New literature review finds that nuclear medicine brain imaging can help to evaluate the impact of chemotherapy drugs on cognitive function
A recently published literature review on how nuclear medicine brain imaging can help evaluate the biological changes that cause chemotherapy-related cognitive impairment (CRCI)—commonly known as chemo-brain— relays the changes in patients’ cognitive status during and after treatment. This summary of findings was published ahead-of-print by The Journal of Nuclear Medicine.
According to experts, CRCI describes a clinical condition characterized by memory and concentration impairment, difficulties with information processing and executive functioning, and mood and anxiety disorders. While CRCI has been investigated from a clinical perspective, little is known about the underlying biological mechanisms that cause chemo-brain.
“Nuclear medicine techniques can be used to investigate different physiopathological phenomena related to CRCI, such as cortical metabolism, dopamine transporter integrity, and neuroinflammation, with specific imaging probes,” explained Agostino Chiaravalloti, MD, PhD, professor of nuclear medicine and nuclear medicine physician in the Department of Biomedicine and Prevention at University Tor Vergata in Rome. “However, nuclear medicine tests are not commonly considered in the work-up of patients with CRCI-related manifestations.”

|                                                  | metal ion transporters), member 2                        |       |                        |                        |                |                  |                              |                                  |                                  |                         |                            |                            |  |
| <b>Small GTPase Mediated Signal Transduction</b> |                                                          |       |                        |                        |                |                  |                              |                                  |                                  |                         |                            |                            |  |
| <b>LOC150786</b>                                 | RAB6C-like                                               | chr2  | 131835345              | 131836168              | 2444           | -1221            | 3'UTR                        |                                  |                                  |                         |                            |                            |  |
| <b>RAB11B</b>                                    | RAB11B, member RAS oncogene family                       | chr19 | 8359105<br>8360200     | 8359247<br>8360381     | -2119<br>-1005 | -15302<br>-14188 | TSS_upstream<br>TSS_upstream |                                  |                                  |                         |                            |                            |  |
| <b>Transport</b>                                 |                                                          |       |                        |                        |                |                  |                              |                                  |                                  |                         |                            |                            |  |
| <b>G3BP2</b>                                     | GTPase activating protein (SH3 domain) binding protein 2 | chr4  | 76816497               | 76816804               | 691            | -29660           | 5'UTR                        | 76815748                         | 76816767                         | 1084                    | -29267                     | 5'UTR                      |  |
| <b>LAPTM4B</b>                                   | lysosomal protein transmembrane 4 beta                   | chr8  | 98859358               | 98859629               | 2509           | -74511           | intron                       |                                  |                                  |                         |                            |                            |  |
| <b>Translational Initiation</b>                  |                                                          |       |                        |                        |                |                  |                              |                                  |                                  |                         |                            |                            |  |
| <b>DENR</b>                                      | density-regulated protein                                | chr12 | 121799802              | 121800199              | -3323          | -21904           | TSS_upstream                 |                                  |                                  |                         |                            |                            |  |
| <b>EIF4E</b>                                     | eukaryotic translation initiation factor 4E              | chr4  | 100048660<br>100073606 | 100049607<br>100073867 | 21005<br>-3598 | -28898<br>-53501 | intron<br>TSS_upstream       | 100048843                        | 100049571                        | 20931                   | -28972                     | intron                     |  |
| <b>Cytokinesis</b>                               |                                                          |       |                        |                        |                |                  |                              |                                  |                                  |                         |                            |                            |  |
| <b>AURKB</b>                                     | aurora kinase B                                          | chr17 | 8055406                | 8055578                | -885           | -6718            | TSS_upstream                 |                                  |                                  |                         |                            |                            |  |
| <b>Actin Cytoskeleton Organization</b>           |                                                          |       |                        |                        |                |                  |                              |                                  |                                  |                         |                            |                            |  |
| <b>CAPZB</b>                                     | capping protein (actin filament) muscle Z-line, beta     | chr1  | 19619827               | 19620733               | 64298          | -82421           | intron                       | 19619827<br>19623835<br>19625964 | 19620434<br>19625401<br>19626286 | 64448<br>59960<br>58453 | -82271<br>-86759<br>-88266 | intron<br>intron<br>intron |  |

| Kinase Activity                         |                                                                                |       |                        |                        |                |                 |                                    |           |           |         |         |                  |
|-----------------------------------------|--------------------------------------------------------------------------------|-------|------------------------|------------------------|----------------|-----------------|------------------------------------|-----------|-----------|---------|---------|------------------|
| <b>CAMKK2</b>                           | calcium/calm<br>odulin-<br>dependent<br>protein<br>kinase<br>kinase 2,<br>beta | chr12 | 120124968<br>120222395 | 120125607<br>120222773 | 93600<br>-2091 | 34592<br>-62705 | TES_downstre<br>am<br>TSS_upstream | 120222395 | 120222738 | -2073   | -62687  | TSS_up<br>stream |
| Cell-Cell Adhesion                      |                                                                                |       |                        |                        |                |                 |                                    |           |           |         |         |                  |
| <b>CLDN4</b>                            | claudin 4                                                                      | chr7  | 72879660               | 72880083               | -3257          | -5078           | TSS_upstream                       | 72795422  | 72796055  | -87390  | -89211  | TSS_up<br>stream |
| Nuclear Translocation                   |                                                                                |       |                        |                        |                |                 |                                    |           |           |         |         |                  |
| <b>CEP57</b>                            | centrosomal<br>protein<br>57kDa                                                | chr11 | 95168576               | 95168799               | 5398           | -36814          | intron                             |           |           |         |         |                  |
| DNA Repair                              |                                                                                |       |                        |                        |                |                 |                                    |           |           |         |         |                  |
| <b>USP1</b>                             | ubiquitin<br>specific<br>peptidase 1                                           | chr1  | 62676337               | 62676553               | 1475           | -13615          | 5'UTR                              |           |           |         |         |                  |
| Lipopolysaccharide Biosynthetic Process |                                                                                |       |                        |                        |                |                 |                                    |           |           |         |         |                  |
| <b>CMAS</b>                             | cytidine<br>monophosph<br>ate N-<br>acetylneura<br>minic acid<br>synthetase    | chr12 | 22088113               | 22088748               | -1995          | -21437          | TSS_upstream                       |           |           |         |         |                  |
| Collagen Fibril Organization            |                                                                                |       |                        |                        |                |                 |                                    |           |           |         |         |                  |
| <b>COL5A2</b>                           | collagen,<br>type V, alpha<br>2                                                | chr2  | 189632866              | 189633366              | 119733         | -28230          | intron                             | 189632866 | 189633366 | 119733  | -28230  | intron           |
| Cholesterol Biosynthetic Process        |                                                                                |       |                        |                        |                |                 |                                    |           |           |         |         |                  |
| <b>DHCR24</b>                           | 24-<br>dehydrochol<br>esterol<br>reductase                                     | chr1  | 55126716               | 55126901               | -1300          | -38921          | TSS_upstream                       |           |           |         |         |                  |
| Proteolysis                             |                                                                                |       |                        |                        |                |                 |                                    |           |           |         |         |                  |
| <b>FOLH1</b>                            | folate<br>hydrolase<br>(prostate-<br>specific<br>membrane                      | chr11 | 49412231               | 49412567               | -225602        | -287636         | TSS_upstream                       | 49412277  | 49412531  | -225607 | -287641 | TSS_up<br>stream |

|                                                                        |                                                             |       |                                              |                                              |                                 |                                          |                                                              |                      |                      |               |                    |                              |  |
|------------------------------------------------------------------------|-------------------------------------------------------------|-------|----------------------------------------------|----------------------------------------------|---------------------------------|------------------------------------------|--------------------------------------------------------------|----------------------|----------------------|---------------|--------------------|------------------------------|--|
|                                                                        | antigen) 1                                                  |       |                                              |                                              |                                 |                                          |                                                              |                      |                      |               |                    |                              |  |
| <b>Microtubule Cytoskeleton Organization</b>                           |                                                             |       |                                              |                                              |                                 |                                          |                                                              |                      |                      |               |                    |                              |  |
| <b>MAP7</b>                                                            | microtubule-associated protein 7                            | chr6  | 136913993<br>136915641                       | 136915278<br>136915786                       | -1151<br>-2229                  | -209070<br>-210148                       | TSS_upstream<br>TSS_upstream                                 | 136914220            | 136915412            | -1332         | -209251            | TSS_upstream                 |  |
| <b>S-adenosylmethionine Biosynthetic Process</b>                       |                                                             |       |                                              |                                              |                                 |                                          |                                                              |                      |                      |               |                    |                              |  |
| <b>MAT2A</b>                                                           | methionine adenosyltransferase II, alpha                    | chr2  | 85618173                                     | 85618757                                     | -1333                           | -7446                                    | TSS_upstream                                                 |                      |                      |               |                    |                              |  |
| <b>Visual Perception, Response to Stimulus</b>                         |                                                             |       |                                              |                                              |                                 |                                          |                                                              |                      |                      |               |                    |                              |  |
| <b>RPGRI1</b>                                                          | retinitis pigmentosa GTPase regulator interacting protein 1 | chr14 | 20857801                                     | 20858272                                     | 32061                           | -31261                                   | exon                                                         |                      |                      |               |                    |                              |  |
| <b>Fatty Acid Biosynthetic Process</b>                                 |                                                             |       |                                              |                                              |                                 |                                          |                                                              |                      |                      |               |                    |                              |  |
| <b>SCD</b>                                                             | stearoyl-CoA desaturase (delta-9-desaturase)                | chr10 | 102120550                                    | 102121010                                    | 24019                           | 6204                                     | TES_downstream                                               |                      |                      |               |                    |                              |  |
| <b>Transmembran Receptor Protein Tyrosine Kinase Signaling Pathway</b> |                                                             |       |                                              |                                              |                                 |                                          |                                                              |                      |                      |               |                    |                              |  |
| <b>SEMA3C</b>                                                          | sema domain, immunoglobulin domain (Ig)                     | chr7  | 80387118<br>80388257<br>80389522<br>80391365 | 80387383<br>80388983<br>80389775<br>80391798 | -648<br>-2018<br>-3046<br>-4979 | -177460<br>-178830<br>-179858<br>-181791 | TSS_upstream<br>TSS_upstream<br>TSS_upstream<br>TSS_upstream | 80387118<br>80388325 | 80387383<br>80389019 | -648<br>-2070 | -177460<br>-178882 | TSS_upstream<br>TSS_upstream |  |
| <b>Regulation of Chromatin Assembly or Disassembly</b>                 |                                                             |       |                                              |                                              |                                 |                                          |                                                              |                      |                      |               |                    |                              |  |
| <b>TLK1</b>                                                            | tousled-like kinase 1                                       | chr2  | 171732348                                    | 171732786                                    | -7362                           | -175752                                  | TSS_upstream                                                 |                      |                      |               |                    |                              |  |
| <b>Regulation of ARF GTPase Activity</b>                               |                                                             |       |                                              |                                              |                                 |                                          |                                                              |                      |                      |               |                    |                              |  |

According to the researchers, they undertook an extensive literature review to understand the current landscape of nuclear medicine and molecular imaging for chemo-brain. Following the PRISMA guidelines for literature searches, they identified 22 relevant studies on two topics: the effects of the most commonly used chemotherapy drugs on cognitive function and the results of SPECT and PET examinations of CRCI. Their findings reportedly confirmed the impact of chemotherapy drugs on cognitive function, such as impaired executive function, anxiety and trouble sleeping. They also highlighted the utility of various SPECT and PET imaging techniques to visualize glucose consumption, blood flow, or expression of receptors—all of which, they say, may play a role in CRCI.
Chiaravalloti shared that in this context, nuclear medicine offers several instruments for the detailed evaluation of the physiopathological processes that underlie CRCI. “The findings presented could lead to a better understanding of the potential role of molecular imaging in the assessment of subtle changes in the brain after treatment and, possibly, in the monitoring of brain functions in patients treated with chemotherapy,” he concluded.